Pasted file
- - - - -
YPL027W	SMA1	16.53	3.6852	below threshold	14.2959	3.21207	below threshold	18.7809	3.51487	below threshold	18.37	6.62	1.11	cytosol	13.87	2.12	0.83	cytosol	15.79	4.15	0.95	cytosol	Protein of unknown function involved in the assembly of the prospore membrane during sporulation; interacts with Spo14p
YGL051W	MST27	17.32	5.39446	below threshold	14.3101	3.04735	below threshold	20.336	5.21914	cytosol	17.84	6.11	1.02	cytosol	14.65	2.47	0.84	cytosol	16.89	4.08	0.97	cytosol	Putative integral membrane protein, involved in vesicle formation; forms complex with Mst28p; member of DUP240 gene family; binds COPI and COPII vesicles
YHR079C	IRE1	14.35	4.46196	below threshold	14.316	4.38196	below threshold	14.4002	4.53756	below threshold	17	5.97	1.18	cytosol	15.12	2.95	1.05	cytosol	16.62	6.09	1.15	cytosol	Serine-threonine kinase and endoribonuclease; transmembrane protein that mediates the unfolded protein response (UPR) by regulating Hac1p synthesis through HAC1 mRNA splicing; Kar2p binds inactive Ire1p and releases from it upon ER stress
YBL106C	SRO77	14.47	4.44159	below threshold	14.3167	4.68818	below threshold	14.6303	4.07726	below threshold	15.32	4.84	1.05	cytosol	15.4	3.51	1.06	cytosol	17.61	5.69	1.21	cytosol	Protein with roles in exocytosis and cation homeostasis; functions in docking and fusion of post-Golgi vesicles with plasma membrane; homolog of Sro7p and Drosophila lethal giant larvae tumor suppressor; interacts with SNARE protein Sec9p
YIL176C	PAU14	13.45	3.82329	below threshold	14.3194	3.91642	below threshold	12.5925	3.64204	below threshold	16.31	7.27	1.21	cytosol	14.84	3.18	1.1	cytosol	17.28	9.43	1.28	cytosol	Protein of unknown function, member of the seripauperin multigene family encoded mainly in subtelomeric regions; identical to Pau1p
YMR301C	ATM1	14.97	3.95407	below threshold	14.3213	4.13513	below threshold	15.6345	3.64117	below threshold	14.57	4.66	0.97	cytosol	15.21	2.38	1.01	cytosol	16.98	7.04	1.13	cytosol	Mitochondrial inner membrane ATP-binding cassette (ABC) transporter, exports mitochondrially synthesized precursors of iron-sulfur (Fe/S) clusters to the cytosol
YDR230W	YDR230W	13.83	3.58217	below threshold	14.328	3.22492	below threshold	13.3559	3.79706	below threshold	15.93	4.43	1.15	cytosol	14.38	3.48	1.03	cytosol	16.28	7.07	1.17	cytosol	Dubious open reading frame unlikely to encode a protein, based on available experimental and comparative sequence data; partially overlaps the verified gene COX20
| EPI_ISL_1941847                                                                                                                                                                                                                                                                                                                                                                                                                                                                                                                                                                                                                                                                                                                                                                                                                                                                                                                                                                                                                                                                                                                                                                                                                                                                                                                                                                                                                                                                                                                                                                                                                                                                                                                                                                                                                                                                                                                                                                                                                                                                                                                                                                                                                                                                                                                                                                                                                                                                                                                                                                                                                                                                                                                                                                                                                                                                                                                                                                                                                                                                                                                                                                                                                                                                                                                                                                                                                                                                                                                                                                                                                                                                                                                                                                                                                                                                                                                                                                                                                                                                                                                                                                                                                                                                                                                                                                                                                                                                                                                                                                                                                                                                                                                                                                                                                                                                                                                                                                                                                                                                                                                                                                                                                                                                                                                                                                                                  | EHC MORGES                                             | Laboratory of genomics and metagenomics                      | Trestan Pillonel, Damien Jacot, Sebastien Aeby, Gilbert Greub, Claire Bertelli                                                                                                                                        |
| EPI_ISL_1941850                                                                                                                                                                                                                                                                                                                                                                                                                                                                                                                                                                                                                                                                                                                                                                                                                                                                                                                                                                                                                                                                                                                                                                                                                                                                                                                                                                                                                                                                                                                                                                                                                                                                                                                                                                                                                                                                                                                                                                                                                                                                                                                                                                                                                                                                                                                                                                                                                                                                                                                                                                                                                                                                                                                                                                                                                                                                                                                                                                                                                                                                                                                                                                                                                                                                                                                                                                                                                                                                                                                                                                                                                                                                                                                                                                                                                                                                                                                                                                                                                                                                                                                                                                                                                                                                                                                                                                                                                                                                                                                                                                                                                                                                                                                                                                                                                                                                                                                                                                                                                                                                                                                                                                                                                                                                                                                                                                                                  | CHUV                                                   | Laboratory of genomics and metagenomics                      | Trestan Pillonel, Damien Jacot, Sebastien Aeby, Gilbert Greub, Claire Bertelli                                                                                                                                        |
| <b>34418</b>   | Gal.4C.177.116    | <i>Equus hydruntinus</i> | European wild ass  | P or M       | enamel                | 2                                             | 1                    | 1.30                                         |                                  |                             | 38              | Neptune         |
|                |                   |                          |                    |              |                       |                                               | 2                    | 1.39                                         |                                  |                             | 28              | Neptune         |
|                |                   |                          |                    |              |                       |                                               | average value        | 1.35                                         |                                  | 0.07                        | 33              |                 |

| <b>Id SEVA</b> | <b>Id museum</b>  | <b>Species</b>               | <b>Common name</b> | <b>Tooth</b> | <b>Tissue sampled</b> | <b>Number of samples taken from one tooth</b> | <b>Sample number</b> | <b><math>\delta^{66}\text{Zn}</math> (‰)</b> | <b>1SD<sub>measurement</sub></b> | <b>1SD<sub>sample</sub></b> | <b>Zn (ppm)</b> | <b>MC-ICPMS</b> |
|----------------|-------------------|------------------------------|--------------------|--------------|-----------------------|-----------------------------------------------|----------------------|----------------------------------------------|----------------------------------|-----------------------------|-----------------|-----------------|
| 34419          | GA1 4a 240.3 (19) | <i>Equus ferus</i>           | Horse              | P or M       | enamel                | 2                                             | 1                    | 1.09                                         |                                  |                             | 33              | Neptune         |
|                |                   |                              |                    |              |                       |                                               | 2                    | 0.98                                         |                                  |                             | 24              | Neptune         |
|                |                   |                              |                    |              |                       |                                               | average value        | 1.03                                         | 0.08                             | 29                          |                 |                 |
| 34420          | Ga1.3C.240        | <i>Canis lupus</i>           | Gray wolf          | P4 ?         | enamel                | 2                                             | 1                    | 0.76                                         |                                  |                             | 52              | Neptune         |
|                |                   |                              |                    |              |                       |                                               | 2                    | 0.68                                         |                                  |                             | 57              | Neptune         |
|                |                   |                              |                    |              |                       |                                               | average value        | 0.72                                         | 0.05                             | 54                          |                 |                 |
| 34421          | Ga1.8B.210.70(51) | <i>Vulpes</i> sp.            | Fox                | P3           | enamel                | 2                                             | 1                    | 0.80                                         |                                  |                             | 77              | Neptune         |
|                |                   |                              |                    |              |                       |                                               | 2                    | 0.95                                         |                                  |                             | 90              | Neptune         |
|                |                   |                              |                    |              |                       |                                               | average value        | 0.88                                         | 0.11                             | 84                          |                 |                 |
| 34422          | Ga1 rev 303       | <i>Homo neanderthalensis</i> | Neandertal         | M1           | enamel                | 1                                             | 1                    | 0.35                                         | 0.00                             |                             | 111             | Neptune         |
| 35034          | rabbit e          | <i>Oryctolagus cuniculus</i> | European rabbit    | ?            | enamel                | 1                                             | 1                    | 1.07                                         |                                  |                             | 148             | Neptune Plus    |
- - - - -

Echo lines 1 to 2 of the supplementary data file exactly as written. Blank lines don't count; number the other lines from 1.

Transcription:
YPL027W	SMA1	16.53	3.6852	below threshold	14.2959	3.21207	below threshold	18.7809	3.51487	below threshold	18.37	6.62	1.11	cytosol	13.87	2.12	0.83	cytosol	15.79	4.15	0.95	cytosol	Protein of unknown function involved in the assembly of the prospore membrane during sporulation; interacts with Spo14p
YGL051W	MST27	17.32	5.39446	below threshold	14.3101	3.04735	below threshold	20.336	5.21914	cytosol	17.84	6.11	1.02	cytosol	14.65	2.47	0.84	cytosol	16.89	4.08	0.97	cytosol	Putative integral membrane protein, involved in vesicle formation; forms complex with Mst28p; member of DUP240 gene family; binds COPI and COPII vesicles